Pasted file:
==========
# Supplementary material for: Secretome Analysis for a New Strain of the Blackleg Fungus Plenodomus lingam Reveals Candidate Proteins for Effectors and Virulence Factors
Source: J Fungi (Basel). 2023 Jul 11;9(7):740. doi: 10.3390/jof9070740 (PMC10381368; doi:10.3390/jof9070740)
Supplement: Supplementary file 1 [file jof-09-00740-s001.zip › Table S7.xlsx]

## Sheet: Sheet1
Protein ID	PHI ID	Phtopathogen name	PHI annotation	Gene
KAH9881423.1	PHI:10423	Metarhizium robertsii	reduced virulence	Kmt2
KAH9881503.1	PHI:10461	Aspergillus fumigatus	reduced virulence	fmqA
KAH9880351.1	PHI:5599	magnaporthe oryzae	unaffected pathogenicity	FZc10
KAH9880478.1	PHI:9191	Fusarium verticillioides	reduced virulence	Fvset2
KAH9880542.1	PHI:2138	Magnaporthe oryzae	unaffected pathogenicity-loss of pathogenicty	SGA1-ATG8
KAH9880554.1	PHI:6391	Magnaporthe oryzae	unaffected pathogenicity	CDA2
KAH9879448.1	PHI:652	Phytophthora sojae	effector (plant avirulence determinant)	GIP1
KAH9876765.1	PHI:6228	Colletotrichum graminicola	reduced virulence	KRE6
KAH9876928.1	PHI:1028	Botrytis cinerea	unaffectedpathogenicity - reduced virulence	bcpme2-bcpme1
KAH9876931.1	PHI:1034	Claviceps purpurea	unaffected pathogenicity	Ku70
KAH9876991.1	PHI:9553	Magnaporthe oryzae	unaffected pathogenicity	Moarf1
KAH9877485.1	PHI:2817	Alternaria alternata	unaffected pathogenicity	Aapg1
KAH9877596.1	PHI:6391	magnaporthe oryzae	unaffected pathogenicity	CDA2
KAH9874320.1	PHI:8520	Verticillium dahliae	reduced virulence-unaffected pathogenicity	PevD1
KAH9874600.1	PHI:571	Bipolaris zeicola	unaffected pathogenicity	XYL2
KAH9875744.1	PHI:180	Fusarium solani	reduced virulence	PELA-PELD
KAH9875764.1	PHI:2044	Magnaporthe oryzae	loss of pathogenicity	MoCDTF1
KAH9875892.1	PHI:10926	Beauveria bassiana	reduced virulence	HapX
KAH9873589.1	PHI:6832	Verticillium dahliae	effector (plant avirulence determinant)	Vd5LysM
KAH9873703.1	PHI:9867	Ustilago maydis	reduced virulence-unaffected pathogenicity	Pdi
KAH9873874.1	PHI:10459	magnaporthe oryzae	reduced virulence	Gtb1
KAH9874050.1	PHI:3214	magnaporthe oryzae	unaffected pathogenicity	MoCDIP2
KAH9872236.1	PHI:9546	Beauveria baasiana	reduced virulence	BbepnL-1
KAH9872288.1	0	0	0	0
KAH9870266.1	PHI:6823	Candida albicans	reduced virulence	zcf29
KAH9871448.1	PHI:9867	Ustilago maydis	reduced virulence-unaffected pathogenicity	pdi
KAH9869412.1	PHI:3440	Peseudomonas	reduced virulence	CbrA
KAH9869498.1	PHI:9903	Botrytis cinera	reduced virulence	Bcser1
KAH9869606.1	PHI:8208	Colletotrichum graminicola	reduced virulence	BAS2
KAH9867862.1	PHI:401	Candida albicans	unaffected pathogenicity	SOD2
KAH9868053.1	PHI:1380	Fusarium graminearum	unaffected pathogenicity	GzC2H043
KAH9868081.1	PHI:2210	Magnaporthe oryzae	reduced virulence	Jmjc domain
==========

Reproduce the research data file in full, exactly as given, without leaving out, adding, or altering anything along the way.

# Supplementary material for: Secretome Analysis for a New Strain of the Blackleg Fungus Plenodomus lingam Reveals Candidate Proteins for Effectors and Virulence Factors
Source: J Fungi (Basel). 2023 Jul 11;9(7):740. doi: 10.3390/jof9070740 (PMC10381368; doi:10.3390/jof9070740)
Supplement: Supplementary file 1 [file jof-09-00740-s001.zip › Table S7.xlsx]

## Sheet: Sheet1
Protein ID	PHI ID	Phtopathogen name	PHI annotation	Gene
KAH9881423.1	PHI:10423	Metarhizium robertsii	reduced virulence	Kmt2
KAH9881503.1	PHI:10461	Aspergillus fumigatus	reduced virulence	fmqA
KAH9880351.1	PHI:5599	magnaporthe oryzae	unaffected pathogenicity	FZc10
KAH9880478.1	PHI:9191	Fusarium verticillioides	reduced virulence	Fvset2
KAH9880542.1	PHI:2138	Magnaporthe oryzae	unaffected pathogenicity-loss of pathogenicty	SGA1-ATG8
KAH9880554.1	PHI:6391	Magnaporthe oryzae	unaffected pathogenicity	CDA2
KAH9879448.1	PHI:652	Phytophthora sojae	effector (plant avirulence determinant)	GIP1
KAH9876765.1	PHI:6228	Colletotrichum graminicola	reduced virulence	KRE6
KAH9876928.1	PHI:1028	Botrytis cinerea	unaffectedpathogenicity - reduced virulence	bcpme2-bcpme1
KAH9876931.1	PHI:1034	Claviceps purpurea	unaffected pathogenicity	Ku70
KAH9876991.1	PHI:9553	Magnaporthe oryzae	unaffected pathogenicity	Moarf1
KAH9877485.1	PHI:2817	Alternaria alternata	unaffected pathogenicity	Aapg1
KAH9877596.1	PHI:6391	magnaporthe oryzae	unaffected pathogenicity	CDA2
KAH9874320.1	PHI:8520	Verticillium dahliae	reduced virulence-unaffected pathogenicity	PevD1
KAH9874600.1	PHI:571	Bipolaris zeicola	unaffected pathogenicity	XYL2
KAH9875744.1	PHI:180	Fusarium solani	reduced virulence	PELA-PELD
KAH9875764.1	PHI:2044	Magnaporthe oryzae	loss of pathogenicity	MoCDTF1
KAH9875892.1	PHI:10926	Beauveria bassiana	reduced virulence	HapX
KAH9873589.1	PHI:6832	Verticillium dahliae	effector (plant avirulence determinant)	Vd5LysM
KAH9873703.1	PHI:9867	Ustilago maydis	reduced virulence-unaffected pathogenicity	Pdi
KAH9873874.1	PHI:10459	magnaporthe oryzae	reduced virulence	Gtb1
KAH9874050.1	PHI:3214	magnaporthe oryzae	unaffected pathogenicity	MoCDIP2
KAH9872236.1	PHI:9546	Beauveria baasiana	reduced virulence	BbepnL-1
KAH9872288.1	0	0	0	0
KAH9870266.1	PHI:6823	Candida albicans	reduced virulence	zcf29
KAH9871448.1	PHI:9867	Ustilago maydis	reduced virulence-unaffected pathogenicity	pdi
KAH9869412.1	PHI:3440	Peseudomonas	reduced virulence	CbrA
KAH9869498.1	PHI:9903	Botrytis cinera	reduced virulence	Bcser1
KAH9869606.1	PHI:8208	Colletotrichum graminicola	reduced virulence	BAS2
KAH9867862.1	PHI:401	Candida albicans	unaffected pathogenicity	SOD2
KAH9868053.1	PHI:1380	Fusarium graminearum	unaffected pathogenicity	GzC2H043
KAH9868081.1	PHI:2210	Magnaporthe oryzae	reduced virulence	Jmjc domain